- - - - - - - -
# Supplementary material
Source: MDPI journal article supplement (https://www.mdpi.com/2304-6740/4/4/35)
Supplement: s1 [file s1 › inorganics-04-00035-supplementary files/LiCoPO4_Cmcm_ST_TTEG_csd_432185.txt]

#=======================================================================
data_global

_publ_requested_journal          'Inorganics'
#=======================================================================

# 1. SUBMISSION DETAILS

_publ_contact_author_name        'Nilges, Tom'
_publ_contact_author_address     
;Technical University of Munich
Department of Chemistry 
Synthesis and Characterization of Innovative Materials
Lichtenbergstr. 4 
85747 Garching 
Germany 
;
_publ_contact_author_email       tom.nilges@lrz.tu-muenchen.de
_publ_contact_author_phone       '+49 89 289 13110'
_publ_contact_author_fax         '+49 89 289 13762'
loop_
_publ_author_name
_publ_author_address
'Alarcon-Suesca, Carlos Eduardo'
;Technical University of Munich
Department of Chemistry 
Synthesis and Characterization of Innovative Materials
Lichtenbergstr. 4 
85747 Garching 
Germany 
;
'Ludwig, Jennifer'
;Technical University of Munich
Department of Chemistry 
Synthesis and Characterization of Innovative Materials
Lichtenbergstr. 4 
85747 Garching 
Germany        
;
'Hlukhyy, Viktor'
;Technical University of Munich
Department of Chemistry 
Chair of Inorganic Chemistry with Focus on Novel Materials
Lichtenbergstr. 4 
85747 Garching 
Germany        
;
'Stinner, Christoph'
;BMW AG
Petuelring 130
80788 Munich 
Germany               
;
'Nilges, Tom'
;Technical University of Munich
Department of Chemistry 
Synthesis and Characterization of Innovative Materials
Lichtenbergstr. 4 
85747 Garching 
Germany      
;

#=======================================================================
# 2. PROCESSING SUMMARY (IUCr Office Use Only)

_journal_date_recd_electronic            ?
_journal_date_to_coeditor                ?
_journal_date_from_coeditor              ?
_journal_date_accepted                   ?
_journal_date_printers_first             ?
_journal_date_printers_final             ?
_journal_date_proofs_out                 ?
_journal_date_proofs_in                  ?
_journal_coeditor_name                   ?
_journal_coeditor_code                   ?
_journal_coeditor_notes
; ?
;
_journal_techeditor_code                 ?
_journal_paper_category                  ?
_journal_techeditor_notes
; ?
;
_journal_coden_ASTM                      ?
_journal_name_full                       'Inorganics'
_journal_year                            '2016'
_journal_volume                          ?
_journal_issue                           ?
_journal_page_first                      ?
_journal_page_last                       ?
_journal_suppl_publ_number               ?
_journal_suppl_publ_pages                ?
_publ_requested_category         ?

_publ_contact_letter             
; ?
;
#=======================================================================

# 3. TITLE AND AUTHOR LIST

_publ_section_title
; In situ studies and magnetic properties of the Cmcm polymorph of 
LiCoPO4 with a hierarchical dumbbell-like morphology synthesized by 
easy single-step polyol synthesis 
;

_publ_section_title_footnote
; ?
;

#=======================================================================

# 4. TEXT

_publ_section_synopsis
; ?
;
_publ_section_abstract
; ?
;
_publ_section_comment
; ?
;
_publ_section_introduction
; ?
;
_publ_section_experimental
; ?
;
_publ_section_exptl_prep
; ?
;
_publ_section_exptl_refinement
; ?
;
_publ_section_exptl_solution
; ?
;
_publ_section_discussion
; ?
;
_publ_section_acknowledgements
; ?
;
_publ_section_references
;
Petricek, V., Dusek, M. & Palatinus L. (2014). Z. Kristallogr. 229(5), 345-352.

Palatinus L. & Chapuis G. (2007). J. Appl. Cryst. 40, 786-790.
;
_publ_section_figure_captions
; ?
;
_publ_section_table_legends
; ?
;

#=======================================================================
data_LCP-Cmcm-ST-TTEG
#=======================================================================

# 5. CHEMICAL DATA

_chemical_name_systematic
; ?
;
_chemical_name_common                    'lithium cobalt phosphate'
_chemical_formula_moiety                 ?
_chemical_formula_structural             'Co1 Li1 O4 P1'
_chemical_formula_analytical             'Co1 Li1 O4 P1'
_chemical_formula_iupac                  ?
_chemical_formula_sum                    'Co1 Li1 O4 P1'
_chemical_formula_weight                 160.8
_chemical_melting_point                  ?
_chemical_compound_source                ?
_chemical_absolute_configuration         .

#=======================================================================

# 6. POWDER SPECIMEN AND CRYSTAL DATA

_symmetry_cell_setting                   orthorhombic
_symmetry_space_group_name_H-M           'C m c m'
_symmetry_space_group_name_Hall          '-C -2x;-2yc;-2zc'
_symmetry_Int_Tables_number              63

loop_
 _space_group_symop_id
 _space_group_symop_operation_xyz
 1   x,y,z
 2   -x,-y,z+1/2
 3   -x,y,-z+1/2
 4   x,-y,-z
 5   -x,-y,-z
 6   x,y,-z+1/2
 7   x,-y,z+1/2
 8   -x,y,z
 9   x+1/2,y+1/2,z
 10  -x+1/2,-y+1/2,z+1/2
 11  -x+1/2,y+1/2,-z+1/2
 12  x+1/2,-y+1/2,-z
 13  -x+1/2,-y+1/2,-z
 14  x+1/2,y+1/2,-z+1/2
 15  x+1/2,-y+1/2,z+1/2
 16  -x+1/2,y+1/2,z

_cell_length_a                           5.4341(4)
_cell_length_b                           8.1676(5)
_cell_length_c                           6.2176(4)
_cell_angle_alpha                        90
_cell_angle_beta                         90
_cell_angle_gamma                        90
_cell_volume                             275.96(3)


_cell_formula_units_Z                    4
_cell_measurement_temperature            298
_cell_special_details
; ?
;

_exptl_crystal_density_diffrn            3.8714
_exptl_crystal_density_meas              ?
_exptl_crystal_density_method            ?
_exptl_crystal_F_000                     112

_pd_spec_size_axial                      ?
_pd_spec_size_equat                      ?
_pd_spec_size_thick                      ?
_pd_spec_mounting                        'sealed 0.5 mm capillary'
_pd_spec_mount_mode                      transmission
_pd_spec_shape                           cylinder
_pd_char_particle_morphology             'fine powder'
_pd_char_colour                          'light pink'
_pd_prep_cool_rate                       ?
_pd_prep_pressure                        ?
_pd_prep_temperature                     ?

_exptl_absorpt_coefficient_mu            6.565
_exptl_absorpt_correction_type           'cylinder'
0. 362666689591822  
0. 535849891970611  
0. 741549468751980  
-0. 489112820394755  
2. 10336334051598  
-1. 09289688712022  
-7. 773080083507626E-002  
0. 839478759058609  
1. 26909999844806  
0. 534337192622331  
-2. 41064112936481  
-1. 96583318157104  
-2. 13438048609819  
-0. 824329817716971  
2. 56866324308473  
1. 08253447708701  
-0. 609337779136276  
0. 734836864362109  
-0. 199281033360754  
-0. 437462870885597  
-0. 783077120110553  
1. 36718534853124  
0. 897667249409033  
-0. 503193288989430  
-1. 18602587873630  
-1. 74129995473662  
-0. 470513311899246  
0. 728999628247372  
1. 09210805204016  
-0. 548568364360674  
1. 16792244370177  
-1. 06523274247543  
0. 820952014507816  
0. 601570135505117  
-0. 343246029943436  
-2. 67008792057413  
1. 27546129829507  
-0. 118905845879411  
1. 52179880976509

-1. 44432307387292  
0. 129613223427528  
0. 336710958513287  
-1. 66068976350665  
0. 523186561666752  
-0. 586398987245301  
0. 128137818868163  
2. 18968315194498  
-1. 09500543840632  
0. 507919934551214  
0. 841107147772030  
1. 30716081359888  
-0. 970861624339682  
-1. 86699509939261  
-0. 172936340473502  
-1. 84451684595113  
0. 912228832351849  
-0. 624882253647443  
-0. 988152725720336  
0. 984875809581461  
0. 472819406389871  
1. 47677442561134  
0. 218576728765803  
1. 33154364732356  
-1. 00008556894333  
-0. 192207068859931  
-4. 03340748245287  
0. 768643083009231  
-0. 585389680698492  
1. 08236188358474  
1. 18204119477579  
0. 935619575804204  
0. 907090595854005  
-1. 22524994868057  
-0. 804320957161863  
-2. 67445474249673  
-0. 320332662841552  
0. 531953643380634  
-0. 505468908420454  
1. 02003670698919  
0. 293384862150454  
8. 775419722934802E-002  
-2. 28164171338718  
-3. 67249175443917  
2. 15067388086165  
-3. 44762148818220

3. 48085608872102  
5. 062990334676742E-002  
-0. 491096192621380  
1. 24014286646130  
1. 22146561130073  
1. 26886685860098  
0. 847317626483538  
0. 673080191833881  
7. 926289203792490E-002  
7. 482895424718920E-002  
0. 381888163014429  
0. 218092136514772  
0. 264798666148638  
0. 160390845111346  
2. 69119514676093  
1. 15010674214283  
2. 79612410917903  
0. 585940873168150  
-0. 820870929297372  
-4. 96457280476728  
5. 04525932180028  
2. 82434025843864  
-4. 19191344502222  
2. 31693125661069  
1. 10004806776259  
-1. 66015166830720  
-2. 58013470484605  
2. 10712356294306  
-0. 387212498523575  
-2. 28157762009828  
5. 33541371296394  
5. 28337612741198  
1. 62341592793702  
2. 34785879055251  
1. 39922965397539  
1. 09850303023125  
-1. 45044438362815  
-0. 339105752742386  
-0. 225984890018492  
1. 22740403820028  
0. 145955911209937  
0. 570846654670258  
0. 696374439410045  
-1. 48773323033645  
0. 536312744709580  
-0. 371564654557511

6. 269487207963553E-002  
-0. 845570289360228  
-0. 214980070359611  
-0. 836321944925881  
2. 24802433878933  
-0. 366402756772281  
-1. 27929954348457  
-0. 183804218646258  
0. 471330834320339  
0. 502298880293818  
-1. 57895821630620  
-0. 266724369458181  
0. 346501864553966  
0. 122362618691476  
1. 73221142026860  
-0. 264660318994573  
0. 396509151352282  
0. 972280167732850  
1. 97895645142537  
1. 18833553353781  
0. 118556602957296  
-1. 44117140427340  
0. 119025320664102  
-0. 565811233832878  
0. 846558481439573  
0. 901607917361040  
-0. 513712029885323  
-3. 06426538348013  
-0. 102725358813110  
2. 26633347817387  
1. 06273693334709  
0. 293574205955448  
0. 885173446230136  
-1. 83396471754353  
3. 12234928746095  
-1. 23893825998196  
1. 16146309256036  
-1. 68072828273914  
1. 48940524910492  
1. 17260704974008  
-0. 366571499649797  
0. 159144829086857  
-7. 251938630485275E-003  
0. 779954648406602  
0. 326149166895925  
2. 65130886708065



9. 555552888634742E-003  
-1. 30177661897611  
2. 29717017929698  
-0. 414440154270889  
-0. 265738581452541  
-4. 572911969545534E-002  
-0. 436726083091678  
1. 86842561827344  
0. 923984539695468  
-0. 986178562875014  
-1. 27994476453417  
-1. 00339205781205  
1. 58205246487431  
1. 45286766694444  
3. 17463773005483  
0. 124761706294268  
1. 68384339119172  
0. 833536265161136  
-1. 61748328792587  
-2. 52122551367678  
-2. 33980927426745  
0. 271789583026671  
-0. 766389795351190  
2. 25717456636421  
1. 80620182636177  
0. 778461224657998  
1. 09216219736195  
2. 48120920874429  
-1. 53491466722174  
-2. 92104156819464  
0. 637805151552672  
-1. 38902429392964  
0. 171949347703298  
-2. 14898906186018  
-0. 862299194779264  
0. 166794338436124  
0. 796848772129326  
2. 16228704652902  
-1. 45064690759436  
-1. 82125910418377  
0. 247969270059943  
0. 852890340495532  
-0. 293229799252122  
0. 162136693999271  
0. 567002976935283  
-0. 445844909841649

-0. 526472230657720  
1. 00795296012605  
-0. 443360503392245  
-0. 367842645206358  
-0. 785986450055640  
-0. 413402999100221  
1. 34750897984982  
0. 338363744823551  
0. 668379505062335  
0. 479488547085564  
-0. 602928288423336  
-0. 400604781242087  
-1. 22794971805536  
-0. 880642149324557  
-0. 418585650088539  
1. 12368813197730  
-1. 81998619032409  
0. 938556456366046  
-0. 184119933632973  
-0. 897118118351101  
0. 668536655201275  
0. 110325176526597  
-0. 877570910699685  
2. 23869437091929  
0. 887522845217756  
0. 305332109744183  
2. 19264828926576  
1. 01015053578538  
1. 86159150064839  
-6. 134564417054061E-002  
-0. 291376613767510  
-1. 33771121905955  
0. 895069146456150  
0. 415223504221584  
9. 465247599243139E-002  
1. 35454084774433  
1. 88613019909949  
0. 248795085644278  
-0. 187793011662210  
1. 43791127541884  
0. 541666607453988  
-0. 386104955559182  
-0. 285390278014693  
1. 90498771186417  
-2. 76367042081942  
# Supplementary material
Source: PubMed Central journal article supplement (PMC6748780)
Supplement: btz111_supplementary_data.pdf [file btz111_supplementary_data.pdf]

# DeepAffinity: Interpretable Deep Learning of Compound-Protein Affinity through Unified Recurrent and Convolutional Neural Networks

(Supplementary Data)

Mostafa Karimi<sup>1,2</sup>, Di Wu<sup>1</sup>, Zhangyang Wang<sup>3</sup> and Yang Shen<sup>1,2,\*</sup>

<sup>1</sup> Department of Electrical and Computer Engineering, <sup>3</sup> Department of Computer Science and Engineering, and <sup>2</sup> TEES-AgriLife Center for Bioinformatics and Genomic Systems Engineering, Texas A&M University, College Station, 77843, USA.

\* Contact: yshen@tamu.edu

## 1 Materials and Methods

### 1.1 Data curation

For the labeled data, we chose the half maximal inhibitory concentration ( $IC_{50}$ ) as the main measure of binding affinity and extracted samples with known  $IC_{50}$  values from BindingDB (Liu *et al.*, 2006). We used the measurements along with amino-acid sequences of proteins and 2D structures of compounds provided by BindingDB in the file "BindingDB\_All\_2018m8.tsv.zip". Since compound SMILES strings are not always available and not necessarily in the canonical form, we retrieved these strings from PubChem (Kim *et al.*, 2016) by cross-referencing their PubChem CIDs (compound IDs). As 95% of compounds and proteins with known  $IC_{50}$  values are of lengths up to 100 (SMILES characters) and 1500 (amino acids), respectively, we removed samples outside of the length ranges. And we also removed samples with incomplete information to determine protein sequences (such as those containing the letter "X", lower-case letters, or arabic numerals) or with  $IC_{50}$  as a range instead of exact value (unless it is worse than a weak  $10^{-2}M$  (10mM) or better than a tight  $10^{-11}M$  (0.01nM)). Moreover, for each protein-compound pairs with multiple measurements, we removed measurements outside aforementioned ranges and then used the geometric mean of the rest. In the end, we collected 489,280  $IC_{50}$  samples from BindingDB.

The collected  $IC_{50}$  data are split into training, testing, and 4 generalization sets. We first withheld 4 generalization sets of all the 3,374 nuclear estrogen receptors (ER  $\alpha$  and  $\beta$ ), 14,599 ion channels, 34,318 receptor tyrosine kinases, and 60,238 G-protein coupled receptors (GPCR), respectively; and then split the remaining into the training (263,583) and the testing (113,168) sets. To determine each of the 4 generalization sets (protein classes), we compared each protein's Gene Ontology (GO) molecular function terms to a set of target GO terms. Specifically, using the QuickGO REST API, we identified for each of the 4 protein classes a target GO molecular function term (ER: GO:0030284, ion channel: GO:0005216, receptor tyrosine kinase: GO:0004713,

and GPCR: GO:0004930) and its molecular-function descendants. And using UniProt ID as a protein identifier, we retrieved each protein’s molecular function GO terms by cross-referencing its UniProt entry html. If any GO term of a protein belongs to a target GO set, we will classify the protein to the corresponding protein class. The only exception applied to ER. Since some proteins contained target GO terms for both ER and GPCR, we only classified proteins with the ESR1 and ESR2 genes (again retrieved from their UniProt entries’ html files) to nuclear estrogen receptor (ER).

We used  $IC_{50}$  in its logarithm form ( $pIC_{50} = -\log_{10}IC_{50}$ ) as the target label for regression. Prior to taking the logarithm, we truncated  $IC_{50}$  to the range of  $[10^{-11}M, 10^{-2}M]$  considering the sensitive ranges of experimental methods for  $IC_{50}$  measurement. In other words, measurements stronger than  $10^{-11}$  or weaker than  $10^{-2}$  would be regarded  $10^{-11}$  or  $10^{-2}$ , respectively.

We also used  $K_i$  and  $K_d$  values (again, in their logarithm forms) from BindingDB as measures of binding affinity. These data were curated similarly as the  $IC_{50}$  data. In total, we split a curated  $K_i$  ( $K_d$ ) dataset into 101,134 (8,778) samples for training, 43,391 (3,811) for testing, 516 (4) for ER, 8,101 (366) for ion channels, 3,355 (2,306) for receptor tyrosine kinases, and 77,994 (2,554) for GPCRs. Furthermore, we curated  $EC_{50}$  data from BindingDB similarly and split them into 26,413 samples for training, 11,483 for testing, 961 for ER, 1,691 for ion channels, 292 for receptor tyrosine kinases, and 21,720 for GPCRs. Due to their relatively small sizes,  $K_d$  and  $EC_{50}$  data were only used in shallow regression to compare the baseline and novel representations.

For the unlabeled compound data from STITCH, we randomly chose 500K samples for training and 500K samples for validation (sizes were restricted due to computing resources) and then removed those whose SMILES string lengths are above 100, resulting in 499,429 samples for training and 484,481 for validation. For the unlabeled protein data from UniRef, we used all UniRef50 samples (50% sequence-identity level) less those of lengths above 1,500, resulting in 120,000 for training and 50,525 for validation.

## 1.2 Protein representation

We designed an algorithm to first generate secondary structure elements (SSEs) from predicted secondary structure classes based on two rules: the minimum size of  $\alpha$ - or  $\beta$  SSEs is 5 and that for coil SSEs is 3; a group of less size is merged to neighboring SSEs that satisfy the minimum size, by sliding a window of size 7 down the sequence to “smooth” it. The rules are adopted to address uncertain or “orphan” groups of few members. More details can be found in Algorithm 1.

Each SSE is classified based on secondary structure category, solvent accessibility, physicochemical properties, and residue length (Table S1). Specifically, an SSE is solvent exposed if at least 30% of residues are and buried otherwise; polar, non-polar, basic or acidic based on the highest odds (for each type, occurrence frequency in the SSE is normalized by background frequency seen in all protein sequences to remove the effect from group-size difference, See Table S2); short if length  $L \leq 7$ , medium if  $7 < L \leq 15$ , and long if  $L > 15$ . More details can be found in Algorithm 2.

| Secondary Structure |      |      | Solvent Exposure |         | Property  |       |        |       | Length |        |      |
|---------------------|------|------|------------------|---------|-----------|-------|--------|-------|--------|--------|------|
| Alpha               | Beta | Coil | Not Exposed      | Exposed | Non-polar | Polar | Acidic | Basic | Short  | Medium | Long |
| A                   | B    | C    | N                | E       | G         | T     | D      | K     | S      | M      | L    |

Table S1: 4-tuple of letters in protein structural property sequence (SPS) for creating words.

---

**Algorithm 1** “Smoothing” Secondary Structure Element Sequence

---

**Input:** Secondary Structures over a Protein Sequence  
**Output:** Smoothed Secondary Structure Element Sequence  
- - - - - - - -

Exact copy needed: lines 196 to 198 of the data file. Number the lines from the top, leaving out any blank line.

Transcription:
_cell_volume                             275.96(3)


_cell_formula_units_Z                    4
_cell_measurement_temperature            298